No electronic gaming establishments have yet filed for the proper permits in Sampson County, following action by the Board of Commissioners earlier this month officially modifying county zoning to allow such businesses in commercial districts.
There are electronic gaming businesses permitted in the county’s municipalities, which bring with them privilege license fees. No such tax can be levied in the county, as state statute does not allow for it.
Upon an initial request by Robert Cooper, the Board of Commissioners approved at its October meeting amending the county zoning ordinance to include electronic gaming as a special use in C-Commercial district. Commissioners declined to set minimum requirements for those gaming operations, electing to let the Planning Board consider specific conditions on a case-by-case basis.
It was a measure that commissioners were essentially forced to oblige, as state law does not prohibit such operations, however two electronic gaming operations did have to close their doors while the requisite action was approved by the board. After tabling the matter in September, the board went forward with the zoning change allowing for electronic gaming this month.
Planning director Mary Rose said this week that the two businesses have not filed permit applications to open back up.
“Not since (commissioners) have made that change,” Rose noted. “They haven’t submitted an application yet. I will probably be getting back in touch with them to make sure they know the change was made and that they would have to apply for a special use permit. Those two businesses shut down their operations and now we have to go back to those individuals and let them know.”
The two businesses were located at the vacated Doug’s Diner location on U.S. 421 North and on N.C. 242, just outside of Salemburg. While the diner building was being used primarily as an electronic gaming operation, the N.C. 242 location was a convenience store-type business that also had gaming terminals, Rose noted.
Commissioners actually expressed concern that they might be opening the floodgates for such operations as the county is prohibited from assessing the privilege license tax on them, contrary to its municipalities. Board attorney Annette Chancy Starling explained that counties do not have the authority at this time to tax this type of electronic gaming business. While a bill has been proposed, it has not been passed.
“I think that’s why we’re seeing some businesses move out of the city and into the county in some cases to avoid that tithe,” Starling told commissioners.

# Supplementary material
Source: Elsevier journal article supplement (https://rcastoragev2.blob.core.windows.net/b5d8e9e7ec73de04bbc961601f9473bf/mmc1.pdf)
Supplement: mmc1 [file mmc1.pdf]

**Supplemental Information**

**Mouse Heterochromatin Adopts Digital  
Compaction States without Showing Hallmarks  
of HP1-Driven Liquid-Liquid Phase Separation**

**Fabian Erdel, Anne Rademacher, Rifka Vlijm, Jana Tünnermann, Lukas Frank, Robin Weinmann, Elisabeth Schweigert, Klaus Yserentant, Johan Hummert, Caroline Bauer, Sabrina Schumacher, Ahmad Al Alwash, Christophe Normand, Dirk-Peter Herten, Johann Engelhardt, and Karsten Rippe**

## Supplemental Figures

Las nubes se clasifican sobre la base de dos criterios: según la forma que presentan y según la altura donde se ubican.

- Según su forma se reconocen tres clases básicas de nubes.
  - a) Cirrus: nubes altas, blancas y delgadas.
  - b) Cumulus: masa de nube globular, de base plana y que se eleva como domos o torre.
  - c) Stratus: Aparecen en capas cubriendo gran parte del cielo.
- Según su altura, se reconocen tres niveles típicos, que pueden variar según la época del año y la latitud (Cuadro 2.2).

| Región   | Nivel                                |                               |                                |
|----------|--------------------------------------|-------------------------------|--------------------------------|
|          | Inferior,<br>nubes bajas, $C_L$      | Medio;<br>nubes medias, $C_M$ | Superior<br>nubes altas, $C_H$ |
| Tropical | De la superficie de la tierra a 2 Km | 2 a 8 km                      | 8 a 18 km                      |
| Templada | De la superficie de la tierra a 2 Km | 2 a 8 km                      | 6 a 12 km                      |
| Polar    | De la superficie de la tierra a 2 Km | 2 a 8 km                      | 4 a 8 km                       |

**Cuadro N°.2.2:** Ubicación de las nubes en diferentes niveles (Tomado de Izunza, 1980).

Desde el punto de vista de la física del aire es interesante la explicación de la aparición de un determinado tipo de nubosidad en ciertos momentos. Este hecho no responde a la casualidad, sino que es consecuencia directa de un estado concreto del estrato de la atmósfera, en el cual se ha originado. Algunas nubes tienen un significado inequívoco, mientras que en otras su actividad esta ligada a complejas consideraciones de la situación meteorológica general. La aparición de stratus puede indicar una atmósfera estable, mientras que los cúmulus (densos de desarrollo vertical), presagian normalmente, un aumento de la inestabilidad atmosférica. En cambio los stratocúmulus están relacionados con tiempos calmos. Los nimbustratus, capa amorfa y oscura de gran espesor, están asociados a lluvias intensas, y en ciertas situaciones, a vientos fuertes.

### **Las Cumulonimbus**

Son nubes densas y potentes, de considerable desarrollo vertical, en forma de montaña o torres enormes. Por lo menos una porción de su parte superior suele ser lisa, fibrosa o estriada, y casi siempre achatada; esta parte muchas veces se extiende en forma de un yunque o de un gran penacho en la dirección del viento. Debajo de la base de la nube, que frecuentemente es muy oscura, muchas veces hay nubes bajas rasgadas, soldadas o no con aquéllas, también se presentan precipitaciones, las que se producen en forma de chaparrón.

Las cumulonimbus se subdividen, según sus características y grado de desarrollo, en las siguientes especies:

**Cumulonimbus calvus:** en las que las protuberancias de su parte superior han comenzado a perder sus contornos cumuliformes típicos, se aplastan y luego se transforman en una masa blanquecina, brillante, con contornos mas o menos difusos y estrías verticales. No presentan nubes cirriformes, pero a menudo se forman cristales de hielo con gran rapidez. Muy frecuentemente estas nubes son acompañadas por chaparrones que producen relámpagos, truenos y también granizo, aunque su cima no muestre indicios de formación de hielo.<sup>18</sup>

For now, that simply has not proved to be the case, with no businesses on the books and no cases yet to be heard by the planning board.
With the change, each request would have to provide a site-specific plan for their location approved by the Sampson County Planning Board, which would address any quality of life issues relevant to the site by placing additional conditions they see fit. Commissioners opted out of establishing minimum development requirements, so the planning board will consider any request on a case-by-case basis, taking into account the plans, as well as what the property owner, adjoining property owners and planning board members have to say.
If approved, the business can open up under whatever conditions have been set. While those conditions may vary, one thing is for certain as of now — they will not be subject to the additional tax.
“They will not be able to charge a privilege license fee,” said Rose.
Every person, firm or corporation engaging in a business activity, trade, service or profession is subject to a privilege license fee by local government, payments that cover the period from July 1 to June 30 each year. Over the last couple years, license fees for electronic gaming have become one of the highest assessed by some local governments as the state gives discretion to municipal boards as to how and what they will charge.
About two years ago, the city set a fee of $1,000 per machine. Earlier this year, Garland upped its fee of $200 per gaming terminal to $500. Around the same time, a vote in Roseboro to up theirs to $1,000 per machine deadlocked, so the fee has stayed at $750 per terminal.
The city of Clinton has one business that has 25 machines, another that has 30 and a few others scattered around with a total of about 20 machines total among them, according to city officials. In total, the city is expected to generate $105,000 from privilege license fees in 2012-13, the majority of which comes from fees on electronic gaming, which brings in $74,000 a year annually.
Shortly after instituting an increase in its electronic gaming fee, Garland saw a sizable rise in revenue taken in due to privilege license fees, thanks in large part to the gaming fee hike. While the fees would not be levied in the county’s jurisdiction, Rose said such businesses would still be monitored to ensure they had proper permits and were not in violation of the newly established ordinance.
With a huge amount of ground to cover, that presents a large task.
“We would have to send them a letter and explain the process by which they would have to apply,” Rose said. “That’s going to be our challenge — to make sure we identify those who are operating and notify them that they are going to need to have a permit.”
Chris Berendt can be reached at 910-592-8137 ext. 121 or via email at firstname.lastname@example.org.